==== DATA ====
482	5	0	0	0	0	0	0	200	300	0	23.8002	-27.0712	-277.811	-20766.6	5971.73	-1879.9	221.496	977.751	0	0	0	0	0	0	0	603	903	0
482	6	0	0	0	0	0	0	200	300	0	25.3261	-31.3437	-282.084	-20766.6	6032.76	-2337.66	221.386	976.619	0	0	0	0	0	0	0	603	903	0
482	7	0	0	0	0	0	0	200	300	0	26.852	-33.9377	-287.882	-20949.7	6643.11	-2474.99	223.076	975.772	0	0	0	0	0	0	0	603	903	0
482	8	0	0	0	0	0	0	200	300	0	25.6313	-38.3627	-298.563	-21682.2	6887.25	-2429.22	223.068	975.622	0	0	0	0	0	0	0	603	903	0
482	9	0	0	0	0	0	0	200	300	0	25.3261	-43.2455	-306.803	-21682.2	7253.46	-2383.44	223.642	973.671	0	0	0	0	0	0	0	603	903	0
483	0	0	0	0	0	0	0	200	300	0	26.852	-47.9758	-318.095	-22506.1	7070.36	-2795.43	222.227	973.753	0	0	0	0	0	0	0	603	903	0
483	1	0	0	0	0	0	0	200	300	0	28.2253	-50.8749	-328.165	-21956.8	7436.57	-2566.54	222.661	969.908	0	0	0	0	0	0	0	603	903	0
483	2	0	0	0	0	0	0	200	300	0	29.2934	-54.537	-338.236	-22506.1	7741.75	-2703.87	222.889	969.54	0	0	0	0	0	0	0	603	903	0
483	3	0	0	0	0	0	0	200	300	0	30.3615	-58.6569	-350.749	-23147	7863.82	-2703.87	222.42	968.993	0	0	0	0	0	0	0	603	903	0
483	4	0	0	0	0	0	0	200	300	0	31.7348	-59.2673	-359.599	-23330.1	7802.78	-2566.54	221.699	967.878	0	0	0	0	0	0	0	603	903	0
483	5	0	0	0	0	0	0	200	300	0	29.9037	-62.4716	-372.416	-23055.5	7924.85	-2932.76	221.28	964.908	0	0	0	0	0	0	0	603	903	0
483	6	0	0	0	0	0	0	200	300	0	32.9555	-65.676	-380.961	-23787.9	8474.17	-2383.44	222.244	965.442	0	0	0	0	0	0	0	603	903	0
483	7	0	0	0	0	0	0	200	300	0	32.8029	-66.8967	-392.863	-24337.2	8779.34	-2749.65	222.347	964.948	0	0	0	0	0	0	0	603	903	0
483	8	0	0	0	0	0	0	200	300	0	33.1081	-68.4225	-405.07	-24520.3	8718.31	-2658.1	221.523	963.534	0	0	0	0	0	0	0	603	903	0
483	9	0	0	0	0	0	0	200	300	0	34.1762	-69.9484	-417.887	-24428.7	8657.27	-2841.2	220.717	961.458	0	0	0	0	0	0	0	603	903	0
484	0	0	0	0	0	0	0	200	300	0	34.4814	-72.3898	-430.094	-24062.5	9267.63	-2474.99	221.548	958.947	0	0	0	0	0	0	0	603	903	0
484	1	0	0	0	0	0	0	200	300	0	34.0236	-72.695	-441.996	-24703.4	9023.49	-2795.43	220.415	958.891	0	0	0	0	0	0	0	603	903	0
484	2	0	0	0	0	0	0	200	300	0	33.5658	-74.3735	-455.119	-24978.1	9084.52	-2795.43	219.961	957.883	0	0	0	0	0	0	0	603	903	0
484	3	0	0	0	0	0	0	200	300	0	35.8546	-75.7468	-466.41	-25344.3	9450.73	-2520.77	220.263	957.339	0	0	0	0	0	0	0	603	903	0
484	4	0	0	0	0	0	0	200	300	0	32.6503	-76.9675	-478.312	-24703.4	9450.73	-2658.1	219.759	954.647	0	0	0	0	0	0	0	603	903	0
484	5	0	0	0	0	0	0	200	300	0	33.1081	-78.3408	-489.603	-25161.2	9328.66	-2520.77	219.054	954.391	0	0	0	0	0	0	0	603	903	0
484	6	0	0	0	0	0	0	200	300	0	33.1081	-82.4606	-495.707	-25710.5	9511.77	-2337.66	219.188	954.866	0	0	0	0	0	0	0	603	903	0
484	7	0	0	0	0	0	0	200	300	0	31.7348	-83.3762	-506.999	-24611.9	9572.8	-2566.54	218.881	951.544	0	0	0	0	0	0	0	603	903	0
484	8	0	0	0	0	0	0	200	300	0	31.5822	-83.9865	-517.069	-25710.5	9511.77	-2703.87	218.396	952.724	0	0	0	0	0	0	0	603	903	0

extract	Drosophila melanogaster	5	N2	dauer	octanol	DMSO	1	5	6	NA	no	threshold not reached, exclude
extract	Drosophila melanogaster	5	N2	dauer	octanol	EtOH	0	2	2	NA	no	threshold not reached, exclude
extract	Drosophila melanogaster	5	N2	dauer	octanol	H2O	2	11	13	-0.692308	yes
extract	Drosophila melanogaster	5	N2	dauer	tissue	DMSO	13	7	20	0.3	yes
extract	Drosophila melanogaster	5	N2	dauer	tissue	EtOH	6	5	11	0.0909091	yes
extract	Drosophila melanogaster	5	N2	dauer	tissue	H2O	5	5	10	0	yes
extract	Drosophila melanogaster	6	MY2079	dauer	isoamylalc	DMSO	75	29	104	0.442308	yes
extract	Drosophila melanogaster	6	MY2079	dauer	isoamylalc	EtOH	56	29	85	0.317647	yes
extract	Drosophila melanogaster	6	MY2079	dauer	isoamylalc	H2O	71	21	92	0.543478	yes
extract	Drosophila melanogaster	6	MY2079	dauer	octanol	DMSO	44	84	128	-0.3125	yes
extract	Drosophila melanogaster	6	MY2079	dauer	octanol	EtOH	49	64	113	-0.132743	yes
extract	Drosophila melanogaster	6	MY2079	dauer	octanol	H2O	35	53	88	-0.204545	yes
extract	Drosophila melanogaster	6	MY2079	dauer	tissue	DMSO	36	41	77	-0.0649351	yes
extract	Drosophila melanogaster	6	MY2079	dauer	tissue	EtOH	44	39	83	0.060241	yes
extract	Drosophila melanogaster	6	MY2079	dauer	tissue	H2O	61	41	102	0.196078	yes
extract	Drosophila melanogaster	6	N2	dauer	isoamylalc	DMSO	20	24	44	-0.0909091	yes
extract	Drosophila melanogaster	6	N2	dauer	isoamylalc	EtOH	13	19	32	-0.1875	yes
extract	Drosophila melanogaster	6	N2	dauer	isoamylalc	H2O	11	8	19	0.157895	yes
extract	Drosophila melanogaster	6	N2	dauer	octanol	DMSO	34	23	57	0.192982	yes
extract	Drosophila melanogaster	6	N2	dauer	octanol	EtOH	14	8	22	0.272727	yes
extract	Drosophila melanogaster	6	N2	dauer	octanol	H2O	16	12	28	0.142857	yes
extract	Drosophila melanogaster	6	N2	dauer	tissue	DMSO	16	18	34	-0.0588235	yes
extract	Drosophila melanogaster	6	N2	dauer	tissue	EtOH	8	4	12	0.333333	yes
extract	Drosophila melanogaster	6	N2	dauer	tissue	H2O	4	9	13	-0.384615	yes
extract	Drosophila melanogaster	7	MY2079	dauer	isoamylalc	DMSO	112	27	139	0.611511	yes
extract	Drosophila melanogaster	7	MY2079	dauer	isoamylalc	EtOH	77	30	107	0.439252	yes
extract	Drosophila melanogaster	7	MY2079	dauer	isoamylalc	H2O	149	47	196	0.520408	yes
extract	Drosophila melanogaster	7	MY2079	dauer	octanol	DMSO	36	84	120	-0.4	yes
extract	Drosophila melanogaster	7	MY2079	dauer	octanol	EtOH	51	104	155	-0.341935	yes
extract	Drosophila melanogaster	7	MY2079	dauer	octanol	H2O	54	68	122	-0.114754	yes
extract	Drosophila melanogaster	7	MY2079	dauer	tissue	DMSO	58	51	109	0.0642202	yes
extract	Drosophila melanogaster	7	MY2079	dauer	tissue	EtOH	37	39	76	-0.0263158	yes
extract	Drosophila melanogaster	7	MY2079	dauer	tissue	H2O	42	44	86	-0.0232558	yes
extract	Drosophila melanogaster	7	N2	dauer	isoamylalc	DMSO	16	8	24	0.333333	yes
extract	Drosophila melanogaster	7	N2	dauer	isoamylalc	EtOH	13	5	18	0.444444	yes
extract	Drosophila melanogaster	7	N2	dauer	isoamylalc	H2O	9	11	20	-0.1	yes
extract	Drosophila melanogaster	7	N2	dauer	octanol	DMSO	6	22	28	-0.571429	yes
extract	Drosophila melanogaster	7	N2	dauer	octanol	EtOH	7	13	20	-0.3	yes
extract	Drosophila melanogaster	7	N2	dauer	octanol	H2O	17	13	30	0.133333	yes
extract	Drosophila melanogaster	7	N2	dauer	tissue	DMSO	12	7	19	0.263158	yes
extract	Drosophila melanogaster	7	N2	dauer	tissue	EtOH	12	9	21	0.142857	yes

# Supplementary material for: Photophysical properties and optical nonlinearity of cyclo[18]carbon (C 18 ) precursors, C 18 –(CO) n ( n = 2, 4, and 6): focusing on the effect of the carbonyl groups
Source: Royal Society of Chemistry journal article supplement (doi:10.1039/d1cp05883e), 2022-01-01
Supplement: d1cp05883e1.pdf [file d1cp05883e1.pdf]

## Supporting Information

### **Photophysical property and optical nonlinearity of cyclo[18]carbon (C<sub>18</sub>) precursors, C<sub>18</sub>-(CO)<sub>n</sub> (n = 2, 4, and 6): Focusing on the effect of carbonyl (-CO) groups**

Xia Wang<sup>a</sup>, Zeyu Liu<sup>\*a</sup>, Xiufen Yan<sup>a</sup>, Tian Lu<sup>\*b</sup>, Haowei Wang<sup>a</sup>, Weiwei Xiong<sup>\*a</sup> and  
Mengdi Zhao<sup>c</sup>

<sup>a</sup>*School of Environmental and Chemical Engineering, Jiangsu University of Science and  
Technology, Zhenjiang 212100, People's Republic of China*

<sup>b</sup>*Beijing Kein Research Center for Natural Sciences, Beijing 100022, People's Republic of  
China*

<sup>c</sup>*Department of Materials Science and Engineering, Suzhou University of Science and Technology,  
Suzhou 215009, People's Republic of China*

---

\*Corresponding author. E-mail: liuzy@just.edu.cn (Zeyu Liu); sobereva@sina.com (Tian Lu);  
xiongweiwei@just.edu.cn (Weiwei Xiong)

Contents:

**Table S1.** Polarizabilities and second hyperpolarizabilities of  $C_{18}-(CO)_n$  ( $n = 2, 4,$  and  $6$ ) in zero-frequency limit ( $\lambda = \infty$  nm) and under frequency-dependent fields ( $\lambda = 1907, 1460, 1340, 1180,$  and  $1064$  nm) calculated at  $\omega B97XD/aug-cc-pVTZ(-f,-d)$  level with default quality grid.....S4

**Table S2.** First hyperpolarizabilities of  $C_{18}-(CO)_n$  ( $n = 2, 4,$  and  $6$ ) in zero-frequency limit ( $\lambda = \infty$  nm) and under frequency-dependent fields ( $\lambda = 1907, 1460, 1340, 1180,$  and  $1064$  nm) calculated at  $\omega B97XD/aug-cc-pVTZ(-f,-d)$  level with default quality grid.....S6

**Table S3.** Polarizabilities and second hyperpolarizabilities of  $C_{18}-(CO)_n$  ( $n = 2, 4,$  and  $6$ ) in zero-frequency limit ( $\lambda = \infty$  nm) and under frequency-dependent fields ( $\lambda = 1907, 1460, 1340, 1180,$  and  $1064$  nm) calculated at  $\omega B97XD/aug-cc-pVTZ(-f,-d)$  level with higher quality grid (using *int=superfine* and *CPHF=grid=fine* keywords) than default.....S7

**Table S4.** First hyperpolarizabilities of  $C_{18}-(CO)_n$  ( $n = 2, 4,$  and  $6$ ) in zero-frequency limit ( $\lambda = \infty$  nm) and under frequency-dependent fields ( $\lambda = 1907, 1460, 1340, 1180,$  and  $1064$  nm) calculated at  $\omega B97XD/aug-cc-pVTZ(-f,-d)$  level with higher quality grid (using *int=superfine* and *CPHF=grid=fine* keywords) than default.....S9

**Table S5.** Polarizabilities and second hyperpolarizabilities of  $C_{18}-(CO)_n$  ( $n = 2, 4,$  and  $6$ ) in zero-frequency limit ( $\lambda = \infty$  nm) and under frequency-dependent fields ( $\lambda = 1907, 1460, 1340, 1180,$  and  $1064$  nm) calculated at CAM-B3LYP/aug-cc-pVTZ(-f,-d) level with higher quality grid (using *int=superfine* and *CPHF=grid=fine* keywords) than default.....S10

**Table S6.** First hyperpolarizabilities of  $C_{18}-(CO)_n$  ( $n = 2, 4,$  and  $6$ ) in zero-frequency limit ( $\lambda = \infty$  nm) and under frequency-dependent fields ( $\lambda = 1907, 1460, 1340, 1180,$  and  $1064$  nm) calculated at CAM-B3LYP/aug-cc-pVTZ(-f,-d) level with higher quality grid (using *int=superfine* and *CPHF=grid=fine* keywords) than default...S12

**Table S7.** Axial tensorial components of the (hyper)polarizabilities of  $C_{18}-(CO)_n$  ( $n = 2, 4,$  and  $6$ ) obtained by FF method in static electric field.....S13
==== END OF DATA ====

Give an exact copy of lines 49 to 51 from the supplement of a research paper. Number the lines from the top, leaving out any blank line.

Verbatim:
extract	Drosophila melanogaster	7	MY2079	dauer	isoamylalc	DMSO	112	27	139	0.611511	yes
extract	Drosophila melanogaster	7	MY2079	dauer	isoamylalc	EtOH	77	30	107	0.439252	yes
extract	Drosophila melanogaster	7	MY2079	dauer	isoamylalc	H2O	149	47	196	0.520408	yes